Why is a deposit so necessary to a purchase and sale agreement?

By Rudman Winchell Attorney Cynthia M. Mehnert

Several times clients that are purchasing real estate have asked, “Do I really need to give a deposit?” The parties say “This is a friendly transaction, is it really necessary to give the seller a deposit when entering into a purchase and sale agreement?  There are actually several good reasons for requiring a deposit with a purchase and sale agreement.

                A Purchase and Sale Agreement is a contract for the sale of land.  In order to have a valid contract the law requires that there be an offer made, an acceptance and consideration for the contract. In a real estate transaction, the offer is made by the Buyer when wanting to purchase the property at a set price.  Acceptance occurs when the Seller accepts the Buyer’s offer by agreeing to sell the property at the set price.  The consideration of the contract then comes from both parties.  The Seller’s consideration is the agreement to not sell the property to someone else during the term of the purchase and sale agreement.  The consideration from the Buyer is the deposit.

                Without a deposit being made, the Buyer has not completed their portion of the real estate contract, and thereby creates a defective or faulty contract.  As the contract is considered faulty or defective then provisions in the contract are no longer binding on the Seller.  For the Buyer, this can affect the standard residential real estate inspections clauses.  The Buyer may have the inspections done; find an issue and then approach the Seller for repairs or a reduction in the sales price.  The Seller may not want to repair the issues found by the inspection or take a reduced purchase price. Given that the consideration was not complete making the contract is defective, the Buyer will have no recourse to get the repairs done by the Seller. The Seller may still be willing to sell the property but he is not going to reduce his contract price to remedy the damages uncovered by an inspection.  If the Buyer has her heart set on this property, then she may have to buy the property without the benefit of the Seller pitching in to resolve the inspection issues.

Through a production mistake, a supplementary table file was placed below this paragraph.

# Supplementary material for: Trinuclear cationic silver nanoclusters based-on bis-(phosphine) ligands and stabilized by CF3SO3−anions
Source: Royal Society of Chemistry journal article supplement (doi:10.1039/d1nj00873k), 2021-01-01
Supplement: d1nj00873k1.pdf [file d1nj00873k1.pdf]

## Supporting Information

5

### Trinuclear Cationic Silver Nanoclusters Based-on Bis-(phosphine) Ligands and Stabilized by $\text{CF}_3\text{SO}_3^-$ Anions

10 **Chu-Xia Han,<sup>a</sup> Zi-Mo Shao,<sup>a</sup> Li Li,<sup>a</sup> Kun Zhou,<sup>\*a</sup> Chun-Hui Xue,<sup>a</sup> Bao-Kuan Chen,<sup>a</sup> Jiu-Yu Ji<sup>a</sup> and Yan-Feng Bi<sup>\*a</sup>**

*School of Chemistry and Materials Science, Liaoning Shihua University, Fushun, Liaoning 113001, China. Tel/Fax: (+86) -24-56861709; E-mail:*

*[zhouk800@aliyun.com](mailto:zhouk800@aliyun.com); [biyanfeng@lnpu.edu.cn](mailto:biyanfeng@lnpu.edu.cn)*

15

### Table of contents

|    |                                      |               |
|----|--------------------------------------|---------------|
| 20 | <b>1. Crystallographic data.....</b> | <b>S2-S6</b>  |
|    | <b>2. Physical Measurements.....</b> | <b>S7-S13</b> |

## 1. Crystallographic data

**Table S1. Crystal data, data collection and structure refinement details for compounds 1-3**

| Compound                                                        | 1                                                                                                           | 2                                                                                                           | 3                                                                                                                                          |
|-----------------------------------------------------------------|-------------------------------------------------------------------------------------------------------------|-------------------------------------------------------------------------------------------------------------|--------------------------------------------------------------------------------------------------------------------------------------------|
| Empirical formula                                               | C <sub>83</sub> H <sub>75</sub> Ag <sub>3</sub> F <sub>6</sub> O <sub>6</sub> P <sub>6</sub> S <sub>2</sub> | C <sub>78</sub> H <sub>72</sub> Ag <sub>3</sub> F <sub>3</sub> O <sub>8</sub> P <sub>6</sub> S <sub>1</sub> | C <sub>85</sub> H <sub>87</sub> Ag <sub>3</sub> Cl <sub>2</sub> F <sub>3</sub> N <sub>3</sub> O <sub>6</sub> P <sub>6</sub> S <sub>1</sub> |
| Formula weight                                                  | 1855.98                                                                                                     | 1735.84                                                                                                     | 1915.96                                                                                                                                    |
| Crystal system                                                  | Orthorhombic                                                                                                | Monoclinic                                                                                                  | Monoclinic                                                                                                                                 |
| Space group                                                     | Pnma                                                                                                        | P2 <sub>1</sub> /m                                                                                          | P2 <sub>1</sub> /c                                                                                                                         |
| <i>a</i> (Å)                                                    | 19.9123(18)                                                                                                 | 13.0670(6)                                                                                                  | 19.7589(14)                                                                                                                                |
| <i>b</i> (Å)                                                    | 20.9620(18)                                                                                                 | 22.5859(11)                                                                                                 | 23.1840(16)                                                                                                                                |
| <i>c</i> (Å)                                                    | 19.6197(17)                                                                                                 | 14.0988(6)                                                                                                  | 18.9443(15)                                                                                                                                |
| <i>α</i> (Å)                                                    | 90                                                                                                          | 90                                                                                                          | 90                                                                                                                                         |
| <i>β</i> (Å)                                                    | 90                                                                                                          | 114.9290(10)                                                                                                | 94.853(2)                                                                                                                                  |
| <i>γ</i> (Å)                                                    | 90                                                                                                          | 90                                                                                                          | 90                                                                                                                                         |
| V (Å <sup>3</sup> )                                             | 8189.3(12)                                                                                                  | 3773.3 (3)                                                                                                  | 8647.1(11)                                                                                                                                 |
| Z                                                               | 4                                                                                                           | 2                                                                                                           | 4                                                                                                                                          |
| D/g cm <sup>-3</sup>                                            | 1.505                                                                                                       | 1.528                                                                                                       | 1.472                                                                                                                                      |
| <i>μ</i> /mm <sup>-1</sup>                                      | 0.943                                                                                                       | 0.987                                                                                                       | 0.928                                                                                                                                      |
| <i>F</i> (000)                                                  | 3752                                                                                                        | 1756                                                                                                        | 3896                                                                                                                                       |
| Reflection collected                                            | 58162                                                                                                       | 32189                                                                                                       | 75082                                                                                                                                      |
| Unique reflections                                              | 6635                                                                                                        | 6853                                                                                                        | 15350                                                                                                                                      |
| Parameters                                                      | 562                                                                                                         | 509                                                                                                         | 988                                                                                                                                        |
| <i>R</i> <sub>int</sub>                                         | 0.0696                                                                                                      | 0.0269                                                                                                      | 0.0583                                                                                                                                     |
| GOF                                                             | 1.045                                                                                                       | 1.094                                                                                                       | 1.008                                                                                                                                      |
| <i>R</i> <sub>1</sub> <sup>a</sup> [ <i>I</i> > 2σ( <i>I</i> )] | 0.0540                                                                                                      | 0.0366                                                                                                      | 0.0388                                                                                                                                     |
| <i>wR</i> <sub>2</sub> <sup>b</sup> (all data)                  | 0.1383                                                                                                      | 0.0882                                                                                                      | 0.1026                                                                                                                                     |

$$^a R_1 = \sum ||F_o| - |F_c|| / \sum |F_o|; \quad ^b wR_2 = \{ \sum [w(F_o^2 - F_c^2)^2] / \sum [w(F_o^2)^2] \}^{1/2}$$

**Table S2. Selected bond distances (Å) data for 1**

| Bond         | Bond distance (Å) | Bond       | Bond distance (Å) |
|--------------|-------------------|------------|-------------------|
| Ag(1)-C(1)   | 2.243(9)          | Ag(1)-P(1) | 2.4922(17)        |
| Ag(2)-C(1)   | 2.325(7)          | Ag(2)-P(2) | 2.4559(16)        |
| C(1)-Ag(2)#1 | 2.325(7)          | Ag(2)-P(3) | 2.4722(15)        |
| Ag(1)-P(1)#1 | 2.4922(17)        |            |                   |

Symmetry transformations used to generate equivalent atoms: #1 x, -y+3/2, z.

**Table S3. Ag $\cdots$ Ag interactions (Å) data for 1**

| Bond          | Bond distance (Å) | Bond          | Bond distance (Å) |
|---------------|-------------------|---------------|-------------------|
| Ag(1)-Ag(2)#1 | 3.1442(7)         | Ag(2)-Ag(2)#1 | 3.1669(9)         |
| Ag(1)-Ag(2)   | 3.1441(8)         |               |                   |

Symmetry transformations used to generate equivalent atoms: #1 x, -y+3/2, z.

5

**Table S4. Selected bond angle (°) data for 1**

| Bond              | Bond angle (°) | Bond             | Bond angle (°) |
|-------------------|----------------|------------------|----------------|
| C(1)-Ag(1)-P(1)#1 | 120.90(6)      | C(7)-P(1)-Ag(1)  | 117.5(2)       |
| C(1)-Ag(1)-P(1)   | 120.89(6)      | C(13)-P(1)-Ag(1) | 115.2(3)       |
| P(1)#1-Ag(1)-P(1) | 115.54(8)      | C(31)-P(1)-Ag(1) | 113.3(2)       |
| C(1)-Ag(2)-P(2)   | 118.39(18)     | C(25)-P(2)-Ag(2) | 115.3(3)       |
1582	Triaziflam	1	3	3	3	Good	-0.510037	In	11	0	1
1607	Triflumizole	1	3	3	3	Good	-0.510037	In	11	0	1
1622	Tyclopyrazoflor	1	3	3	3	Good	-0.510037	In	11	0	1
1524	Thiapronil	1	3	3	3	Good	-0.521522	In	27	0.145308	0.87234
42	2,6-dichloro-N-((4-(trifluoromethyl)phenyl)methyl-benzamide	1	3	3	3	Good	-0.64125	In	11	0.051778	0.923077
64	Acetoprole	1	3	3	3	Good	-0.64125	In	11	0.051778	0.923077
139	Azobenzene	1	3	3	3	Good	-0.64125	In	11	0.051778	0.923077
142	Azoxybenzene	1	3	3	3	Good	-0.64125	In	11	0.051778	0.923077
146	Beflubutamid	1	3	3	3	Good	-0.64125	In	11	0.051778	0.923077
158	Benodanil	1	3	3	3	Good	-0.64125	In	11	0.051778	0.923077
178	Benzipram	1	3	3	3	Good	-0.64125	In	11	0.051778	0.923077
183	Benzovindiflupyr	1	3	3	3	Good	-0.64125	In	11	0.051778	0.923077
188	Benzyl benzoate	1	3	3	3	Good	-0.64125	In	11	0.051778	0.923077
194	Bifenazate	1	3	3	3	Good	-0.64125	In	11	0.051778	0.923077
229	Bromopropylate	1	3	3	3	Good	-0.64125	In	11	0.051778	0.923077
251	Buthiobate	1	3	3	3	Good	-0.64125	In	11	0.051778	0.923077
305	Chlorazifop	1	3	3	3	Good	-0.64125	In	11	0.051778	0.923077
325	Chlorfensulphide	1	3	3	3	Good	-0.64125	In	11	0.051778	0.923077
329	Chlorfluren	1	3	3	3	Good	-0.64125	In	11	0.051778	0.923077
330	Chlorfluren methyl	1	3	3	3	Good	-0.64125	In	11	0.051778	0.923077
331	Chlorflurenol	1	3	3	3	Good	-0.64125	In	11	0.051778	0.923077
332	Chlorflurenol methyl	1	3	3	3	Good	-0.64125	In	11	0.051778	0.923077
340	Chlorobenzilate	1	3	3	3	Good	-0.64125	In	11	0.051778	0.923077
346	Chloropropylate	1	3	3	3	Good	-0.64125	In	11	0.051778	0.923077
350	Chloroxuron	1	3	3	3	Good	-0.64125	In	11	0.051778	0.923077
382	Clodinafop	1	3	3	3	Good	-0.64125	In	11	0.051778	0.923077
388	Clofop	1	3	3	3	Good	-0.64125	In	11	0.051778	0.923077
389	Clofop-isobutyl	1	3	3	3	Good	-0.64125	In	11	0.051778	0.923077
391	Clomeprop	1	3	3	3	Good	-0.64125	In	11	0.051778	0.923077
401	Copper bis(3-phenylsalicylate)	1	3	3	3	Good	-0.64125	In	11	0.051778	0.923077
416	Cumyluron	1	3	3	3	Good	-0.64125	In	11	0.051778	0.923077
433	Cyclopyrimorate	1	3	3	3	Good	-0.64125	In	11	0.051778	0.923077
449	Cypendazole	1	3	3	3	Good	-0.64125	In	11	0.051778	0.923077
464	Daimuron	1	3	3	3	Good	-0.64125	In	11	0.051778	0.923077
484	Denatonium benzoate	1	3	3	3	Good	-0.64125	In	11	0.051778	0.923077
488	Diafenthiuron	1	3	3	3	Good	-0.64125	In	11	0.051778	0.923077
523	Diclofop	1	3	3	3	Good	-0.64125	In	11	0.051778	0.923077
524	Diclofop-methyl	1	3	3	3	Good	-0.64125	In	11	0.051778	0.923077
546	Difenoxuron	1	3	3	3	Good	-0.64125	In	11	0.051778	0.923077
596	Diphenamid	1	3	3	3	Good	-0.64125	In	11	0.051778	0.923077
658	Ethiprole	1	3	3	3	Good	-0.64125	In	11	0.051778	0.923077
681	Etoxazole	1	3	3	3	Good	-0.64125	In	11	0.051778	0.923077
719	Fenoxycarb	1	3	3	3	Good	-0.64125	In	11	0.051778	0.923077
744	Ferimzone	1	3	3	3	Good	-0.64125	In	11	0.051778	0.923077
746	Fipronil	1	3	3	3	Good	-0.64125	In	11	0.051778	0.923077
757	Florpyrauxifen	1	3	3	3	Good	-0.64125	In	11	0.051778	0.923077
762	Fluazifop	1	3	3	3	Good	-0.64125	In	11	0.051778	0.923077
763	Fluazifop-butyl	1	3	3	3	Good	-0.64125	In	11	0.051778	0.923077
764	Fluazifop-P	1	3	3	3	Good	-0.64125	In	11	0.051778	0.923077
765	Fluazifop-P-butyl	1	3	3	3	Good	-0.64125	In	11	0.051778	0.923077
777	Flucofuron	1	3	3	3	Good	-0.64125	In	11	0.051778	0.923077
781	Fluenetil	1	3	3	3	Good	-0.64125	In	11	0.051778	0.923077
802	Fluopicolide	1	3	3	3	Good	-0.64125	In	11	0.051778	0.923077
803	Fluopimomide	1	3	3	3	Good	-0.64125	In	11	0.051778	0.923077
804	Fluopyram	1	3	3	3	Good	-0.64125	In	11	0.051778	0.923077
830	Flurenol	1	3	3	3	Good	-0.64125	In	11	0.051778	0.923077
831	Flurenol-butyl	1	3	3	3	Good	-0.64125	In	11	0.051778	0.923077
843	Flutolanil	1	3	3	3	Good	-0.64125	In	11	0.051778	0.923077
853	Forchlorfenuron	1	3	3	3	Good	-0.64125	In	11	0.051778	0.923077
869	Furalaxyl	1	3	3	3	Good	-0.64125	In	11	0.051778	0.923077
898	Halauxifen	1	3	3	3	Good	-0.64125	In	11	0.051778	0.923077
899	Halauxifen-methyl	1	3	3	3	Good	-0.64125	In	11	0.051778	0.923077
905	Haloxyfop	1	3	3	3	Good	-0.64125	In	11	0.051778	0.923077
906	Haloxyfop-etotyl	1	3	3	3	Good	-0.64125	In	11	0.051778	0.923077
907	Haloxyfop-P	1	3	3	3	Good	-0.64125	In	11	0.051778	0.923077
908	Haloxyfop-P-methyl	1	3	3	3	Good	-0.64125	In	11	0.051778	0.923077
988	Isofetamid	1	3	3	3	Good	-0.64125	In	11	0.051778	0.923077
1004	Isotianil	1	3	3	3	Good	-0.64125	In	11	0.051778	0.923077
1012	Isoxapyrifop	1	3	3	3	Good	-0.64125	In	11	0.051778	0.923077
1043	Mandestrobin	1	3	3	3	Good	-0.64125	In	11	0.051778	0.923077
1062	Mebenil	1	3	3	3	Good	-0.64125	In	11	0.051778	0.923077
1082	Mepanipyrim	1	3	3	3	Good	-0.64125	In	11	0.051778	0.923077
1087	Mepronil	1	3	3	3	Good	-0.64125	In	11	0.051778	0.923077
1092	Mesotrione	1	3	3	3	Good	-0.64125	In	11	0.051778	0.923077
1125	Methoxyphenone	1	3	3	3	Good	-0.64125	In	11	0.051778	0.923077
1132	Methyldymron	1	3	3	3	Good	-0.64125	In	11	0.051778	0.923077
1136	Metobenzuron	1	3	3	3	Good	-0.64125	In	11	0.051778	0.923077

Other important questions would be: if there is no binding contract then does the Seller have to correct any title defect? Or can the Seller accept an offer from another Buyer who is willing to pay a higher price?  It is best to pay a portion of the purchase price up front to have the peace of mind that a property you wish to purchase will be under contract and that all the contingencies and conditions provided by a valid purchase and sale agreement will be available to you.

Disclaimer


These materials have been prepared by Rudman Winchell for educational purposes only. They should not be considered legal advice. The transmission of this information to you is not intended to create a lawyer-client relationship. Readers should not act upon this information without seeking professional counsel. You should not send any confidential or private information to Rudman Winchell until a formal attorney-client relationship has been established, in writing.